Where to Hunt: You can hunt turkeys just about anywhere (including Hawaii), but I’ve just returned from central Nebraska and have to give the area a solid recommendation. There is lots of land and plenty of birds, and Nebraska offers hunters a chance to take three different subspecies (Merriam’s, Rios and Easterns) in a single state. (And then, again, Hawaii might be a great Plan B.)

Guns: I recommend a 12- or 20-gauge shotgun loaded with magnum turkey ammunition. I prefer semiautos and over/unders, because they offer a fast follow-up. In addition, over/unders are particularly appealing, because they have a short overall length and can easily be unloaded when crossing fences or ditches.

Did You Know? Many of the wild turkeys in the United States have DNA from domestic birds. When Spanish explorers returned home from Central and South America, they brought the first turkeys to Europe, and the offspring of those turkeys returned to the New World. Many of them subsequently escaped.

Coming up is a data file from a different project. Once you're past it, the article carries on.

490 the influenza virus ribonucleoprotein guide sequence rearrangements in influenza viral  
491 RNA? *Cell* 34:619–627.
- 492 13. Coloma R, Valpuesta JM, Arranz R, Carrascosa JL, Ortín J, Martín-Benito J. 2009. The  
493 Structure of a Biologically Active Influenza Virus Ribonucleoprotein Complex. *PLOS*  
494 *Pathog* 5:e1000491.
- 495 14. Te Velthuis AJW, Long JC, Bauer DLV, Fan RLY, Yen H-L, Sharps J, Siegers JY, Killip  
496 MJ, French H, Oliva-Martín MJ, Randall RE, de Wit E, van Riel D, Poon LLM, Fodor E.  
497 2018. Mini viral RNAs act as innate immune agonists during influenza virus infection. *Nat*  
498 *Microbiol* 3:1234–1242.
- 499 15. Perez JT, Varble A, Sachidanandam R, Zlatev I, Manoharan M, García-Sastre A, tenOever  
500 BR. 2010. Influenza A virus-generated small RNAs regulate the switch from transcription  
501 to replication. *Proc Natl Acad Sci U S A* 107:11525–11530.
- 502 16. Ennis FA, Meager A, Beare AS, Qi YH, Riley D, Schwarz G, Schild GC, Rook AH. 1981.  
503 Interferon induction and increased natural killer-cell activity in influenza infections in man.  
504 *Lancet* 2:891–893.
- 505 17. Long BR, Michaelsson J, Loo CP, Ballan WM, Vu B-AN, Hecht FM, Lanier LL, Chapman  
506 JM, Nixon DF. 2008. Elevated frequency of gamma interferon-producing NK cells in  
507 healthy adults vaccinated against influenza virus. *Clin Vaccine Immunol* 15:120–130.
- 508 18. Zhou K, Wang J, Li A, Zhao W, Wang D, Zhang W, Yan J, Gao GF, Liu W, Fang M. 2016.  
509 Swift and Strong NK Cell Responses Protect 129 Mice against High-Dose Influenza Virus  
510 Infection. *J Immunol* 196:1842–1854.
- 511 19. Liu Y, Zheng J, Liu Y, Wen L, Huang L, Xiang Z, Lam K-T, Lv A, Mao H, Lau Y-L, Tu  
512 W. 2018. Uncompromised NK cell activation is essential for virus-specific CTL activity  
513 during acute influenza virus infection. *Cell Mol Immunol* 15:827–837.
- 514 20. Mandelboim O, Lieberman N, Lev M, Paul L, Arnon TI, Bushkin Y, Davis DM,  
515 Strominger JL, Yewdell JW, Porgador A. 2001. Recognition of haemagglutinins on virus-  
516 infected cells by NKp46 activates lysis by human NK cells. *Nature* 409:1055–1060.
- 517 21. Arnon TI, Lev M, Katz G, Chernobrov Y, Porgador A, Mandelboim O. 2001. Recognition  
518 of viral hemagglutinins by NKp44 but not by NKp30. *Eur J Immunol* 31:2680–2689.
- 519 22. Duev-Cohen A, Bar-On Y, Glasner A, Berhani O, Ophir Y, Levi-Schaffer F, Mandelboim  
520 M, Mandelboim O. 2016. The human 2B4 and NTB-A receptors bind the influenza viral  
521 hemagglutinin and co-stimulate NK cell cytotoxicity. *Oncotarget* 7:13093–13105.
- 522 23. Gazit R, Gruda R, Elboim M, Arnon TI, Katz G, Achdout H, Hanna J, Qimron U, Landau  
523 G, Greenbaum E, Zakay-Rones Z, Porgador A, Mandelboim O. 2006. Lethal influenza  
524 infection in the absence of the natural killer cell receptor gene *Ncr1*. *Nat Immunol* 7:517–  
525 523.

Pronghorn Antelope

The pronghorn antelope is the only true antelope species in North America. Because they are creatures of the open plains, pronghorn rely on their sense of sight—and that means hunters need to stay out of sight. However, pronghorn are also very curious and will sometimes approach a foreign object to determine what it is. That’s one of the reasons that decoying these animals has gained in popularity. Some people claim that pronghorn meat doesn’t taste good, but my experience is that pronghorn steaks, when handled correctly in the field, are among the most flavorful and delicious of any North American wild game.